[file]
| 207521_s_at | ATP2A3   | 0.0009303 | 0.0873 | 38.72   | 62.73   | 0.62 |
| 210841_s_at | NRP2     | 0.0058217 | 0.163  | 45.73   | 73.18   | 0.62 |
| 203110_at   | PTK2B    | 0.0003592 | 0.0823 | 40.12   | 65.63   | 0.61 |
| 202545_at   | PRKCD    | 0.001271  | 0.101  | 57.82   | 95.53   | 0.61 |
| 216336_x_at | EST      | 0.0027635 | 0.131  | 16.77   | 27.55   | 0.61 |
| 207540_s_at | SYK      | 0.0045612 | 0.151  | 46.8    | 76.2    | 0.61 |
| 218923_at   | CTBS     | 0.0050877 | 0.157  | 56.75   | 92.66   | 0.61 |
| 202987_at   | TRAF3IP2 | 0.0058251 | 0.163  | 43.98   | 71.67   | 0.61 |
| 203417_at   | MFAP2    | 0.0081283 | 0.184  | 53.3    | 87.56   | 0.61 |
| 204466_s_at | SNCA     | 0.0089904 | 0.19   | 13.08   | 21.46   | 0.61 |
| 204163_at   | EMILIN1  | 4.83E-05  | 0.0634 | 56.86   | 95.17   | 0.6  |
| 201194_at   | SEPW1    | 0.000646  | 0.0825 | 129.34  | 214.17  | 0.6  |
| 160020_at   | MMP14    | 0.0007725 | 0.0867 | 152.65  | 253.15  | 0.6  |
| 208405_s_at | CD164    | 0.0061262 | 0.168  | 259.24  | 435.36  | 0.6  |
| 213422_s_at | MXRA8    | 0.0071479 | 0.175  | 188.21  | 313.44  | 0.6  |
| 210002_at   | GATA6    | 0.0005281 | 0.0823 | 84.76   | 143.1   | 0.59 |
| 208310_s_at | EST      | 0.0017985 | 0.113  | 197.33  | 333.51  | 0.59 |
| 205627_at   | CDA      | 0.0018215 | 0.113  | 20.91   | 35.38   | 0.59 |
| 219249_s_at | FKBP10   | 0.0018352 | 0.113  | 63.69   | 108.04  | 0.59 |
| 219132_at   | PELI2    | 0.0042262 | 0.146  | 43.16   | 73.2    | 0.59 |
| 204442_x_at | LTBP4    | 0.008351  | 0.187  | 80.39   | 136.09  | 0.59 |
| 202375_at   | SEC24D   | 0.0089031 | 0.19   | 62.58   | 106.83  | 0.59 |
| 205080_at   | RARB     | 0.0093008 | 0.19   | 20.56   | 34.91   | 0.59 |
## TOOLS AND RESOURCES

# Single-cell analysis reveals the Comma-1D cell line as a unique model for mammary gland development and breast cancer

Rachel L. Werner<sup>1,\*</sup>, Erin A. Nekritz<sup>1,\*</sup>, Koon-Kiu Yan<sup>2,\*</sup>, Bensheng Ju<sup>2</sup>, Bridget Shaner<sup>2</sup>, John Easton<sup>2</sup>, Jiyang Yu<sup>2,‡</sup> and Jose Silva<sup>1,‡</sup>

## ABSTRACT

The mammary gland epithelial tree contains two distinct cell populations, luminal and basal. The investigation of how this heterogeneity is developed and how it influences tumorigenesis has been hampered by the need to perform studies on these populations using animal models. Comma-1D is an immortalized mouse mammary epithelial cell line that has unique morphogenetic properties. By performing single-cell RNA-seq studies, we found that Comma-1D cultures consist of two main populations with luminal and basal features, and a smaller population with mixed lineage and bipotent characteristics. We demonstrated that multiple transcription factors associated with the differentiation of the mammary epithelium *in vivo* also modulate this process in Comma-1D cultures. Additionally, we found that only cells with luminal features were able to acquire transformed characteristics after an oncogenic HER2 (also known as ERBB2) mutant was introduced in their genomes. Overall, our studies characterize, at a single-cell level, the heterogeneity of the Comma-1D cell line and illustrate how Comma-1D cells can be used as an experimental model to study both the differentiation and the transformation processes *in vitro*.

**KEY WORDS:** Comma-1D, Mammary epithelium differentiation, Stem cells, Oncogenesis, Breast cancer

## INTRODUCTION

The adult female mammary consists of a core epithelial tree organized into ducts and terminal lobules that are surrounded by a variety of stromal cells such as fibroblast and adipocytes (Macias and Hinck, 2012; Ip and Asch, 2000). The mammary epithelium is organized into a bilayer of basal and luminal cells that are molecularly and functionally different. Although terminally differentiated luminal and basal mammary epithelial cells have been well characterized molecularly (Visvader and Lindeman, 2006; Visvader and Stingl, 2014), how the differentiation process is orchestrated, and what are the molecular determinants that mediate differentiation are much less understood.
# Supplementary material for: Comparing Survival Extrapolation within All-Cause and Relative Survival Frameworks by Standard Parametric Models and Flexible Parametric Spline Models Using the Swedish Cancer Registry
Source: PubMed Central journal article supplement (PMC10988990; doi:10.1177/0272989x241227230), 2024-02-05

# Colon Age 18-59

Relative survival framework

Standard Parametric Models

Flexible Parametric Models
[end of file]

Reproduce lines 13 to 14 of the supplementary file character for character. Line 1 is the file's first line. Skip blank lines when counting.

| 160020_at   | MMP14    | 0.0007725 | 0.0867 | 152.65  | 253.15  | 0.6  |
| 208405_s_at | CD164    | 0.0061262 | 0.168  | 259.24  | 435.36  | 0.6  |